[1] Lady Aberconway contributed to the Jack the Ripper case by reproducing her father’s notes on the suspects in 1959, which were different from the Scotland Yard’s report. Christabel also recalled seeing the police photos of the victim Mary Kelly one Sunday when visiting Scotland Yard, which created chaos at the station, although she was quite unperturbed, since she thought the bodies looked more like broken dolls (Farson 16, 49).

[2] An interesting “discovery” is that Lady Aberconway quotes a passage which is almost exactly the same as the one we take from Seven Friends; Marlow must have reused it from another of his book, presumably Forth, Beast! (1946).

[3] The book, Christabel Aberconway describes drily, was “an elaborate manuscript, with a gold-leaf illumination on every pornographic page; boring, I thought” (45).

[4] She quotes from memory a French poem and wishes she could remember who the poet was. The poem is written by Alphonse Karr, though the wordings are not exactly the same, the meaning is: “De leur meilleur côté, tâchons de voir les choses : / Vous vous plaignez de voir les Rosiers épineux ; / Moi je me réjouis et rends grâces aux dieux / Que les épines aient des Roses” (Barral 213).

[5] Lady Aberconway’s collection included at one time or another two small oil studies by Seurat (Keith 774), On the Sands, St. Ives by Sickert (Farr 48), Soho Tapestry signed by M. Mazarind (listed as Lord Aberconway’s) (Harcourt-Smith), a sixteenth-century Persian Royal Garden carpet (“Forthcoming Sales” 252), a gilt solid-ivory armchair that belonged formerly to the Duke of Saxe-Coburg (Jaffer 281), an early copy of Carpaccio’s Correr panel (Szafran 158), Sauvetage by Daumier (Fitzgerald), a Maori artifact brought from India by Lady Aberconway’s grandfather (Oldman 37), and Mazzoni’s The Temple of Janus (The Burlington Magazine, 1959). Interestingly, on The Warburg Institute Iconographic Database, there is a note saying that the painting was “erroneously identified as the Temple of Janus,” and The Burlington Magazine was quoted. After Henry McLaren’s death in 1953, sales of the Aberconway collections appeared in Sotheby’s auctions throughout the years. Christabel must have a penchant for Sotheby, their possessions only appeared in Christie after her death, or when it was listed as belonging to her husband.

[6] The books about cats from Lady Aberconway to Vechten that are in the Yale University Library are: Phyllis, Lauder. Siamese Cats. London: Williams & Norgate, 1950. Hagiwara, Sakutarō. Cat Town. Tokyo: Jûjiya Press, 1948. Hilditch, Gwen. In Praise of Cats. An Anthology for Friends. London: F. Muller, 1949. Cowlishaw, Arthur E. and Sidney Denham. Our Cats With a Foreword by Christabel Lady Aberconway. London: Nicholas Kaye, 1958.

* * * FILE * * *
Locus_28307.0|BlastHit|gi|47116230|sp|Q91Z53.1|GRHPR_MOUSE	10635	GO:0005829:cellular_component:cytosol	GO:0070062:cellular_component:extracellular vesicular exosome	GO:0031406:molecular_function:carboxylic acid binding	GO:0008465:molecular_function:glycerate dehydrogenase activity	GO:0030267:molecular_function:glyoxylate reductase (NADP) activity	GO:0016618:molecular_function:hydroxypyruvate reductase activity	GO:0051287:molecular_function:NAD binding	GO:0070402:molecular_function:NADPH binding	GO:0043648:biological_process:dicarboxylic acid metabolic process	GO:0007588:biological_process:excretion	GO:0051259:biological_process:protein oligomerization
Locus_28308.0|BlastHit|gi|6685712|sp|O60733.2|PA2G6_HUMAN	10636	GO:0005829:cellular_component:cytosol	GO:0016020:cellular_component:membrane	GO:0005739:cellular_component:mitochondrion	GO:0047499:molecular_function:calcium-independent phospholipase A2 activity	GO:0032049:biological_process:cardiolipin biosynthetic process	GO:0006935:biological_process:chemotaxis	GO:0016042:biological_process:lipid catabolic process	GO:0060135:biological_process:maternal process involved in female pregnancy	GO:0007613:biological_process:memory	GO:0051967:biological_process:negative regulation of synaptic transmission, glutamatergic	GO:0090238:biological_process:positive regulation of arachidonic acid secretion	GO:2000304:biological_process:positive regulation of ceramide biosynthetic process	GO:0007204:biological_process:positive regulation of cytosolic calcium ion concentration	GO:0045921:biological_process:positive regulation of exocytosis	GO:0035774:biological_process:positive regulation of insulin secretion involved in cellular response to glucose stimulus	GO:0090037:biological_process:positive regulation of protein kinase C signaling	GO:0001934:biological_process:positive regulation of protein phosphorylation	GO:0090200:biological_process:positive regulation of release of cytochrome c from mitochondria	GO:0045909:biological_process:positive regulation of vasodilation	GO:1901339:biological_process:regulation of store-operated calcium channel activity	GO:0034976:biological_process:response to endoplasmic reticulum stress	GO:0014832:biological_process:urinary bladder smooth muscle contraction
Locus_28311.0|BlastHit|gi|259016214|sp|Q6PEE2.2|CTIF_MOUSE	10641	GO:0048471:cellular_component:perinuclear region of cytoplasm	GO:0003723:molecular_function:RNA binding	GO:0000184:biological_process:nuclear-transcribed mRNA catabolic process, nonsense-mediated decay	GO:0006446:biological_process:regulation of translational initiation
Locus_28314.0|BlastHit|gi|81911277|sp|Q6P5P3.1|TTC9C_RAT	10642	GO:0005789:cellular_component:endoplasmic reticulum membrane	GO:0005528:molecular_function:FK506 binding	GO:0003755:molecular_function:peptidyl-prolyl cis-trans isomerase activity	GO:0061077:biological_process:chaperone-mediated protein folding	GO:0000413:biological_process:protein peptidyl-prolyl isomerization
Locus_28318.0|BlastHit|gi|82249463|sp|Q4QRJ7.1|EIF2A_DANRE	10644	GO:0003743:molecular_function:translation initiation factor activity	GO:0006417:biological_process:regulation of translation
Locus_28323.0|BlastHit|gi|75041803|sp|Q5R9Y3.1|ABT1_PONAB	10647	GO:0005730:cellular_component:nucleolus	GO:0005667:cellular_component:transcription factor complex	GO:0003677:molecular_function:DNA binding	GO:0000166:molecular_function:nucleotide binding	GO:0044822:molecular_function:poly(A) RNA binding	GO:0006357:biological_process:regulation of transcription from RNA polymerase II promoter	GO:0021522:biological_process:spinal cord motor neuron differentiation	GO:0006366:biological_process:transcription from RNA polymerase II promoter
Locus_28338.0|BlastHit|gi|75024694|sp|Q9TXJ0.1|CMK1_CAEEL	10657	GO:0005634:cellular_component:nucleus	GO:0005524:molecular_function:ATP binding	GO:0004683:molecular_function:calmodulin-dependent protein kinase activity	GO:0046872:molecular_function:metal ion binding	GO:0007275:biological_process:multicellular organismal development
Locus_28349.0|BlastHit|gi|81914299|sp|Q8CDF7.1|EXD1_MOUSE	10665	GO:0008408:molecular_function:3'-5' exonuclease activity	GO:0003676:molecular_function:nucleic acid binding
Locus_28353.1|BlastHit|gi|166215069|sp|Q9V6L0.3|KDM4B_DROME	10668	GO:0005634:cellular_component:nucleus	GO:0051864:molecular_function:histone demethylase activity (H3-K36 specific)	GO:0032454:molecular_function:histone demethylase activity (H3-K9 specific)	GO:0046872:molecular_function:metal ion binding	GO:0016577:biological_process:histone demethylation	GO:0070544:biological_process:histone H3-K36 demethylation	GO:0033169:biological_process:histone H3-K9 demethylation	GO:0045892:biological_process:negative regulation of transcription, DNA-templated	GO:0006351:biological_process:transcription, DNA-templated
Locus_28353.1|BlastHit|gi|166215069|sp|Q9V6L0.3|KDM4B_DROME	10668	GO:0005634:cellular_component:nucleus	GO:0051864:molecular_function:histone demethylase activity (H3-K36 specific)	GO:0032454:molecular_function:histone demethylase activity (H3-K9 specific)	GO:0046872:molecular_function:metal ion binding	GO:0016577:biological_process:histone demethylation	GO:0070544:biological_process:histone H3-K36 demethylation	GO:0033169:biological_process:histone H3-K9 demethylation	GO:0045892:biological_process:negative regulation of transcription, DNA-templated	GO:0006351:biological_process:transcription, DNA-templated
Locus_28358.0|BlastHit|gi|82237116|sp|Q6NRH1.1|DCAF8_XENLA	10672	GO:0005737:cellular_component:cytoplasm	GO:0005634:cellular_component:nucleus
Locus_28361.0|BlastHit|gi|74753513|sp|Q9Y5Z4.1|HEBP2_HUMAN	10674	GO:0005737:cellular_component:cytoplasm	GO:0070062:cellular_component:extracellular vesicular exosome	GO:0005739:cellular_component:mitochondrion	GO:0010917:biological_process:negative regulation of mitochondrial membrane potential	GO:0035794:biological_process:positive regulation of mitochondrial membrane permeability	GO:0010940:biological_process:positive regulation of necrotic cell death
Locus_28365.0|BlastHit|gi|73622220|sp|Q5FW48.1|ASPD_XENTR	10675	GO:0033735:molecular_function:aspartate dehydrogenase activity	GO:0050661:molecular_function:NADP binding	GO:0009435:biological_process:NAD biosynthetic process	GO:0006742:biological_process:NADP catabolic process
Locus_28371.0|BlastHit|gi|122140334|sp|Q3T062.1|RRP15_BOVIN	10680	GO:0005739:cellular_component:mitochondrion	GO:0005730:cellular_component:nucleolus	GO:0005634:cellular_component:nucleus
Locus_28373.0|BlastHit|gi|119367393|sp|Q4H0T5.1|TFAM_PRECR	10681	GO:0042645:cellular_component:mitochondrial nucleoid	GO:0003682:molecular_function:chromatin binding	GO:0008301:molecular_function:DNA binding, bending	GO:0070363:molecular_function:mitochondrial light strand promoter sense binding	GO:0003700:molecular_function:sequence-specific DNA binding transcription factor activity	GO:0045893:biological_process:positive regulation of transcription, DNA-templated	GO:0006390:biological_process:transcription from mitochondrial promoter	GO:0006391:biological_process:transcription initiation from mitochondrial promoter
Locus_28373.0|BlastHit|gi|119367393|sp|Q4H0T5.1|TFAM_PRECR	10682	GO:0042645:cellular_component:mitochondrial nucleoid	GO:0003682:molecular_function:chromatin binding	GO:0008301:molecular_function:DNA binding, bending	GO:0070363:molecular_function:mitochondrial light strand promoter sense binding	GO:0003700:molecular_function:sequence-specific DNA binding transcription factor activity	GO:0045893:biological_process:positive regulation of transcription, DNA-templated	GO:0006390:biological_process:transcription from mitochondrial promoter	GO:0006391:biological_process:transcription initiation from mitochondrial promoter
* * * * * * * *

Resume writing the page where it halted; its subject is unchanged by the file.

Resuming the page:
[7] Unfortunately, I do not have access to it.

[8] As her letters show, she was a correspondent with members of the Bloomsbury group, and indeed she had a copy of the first book of Bloomsbury, the collection of poems Euphrosyne (Rosenbaum 401).

[9] And Lady Aberconway got her reply from R. L. Moreton who sourced the quotation as from Thackeray.

[10] Roth and Martin include some of the eccentricities of the third baron in the obituaries; like his father and grandfather, he was a dedicated horticulturalist.

2 comments :

  1. Intensely interesting post. All this research must have taken a lot of work.

    You seem quite smitten with this Christabel Aberconway. I can understand. She is fascinating and pleasantly complex. Her love for cats (the first photo is glorious!) endears her to me. On the other hand, selling an Amati to buy a fur coat, even a "good one, is not even frivolous. It's barbarous. Maugham sounds completely charming with her.

    One additional piece of information that may be of minor interest. The talk on the wireless mentioned is no doubt the one published as "Twenty Days in a Ship" in The English Spirit, ed. Anthony Weymouth. This little book of propaganda talks was first published in July 1942. The talks were probably given soon before that. That would put Maugham's sessions with Leahy somewhere in 1941, probably towards the end of it, or maybe even the beginning of 1942.

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    Replies
    1. Thanks, Alexander.

      Yes, I am. I think she had a delightful personality and I hope my post helps perpetuate her memory.

      I read her reflection about the Amati and fur coat in a different way. It was her way to accept her situation without bitterness. She wanted to be an actress (and she seemed to be talented with the violin too); she was well-read in Shakespeare, but of course her parents wouldn't let her. With time (when her second child was born), she accepted her fate and was glad to have her children, which otherwise wouldn't even have come to the world. Naturally, she could have thrown everything away and went to do whatever she wanted, but she didn't. It is hard to say which choice would be easier. Like what she quotes from H. G. Wells, "Always remember that it is easier, sometimes, to die than to live for a cause." Like the French poem that she cites, she looks at her life then from a different perspective, instead of seeing her frustration as a curse, she sees it as a blessing.

      Thanks for the information concerning Maugham's lessons with Leahy. It definitely sounds like it.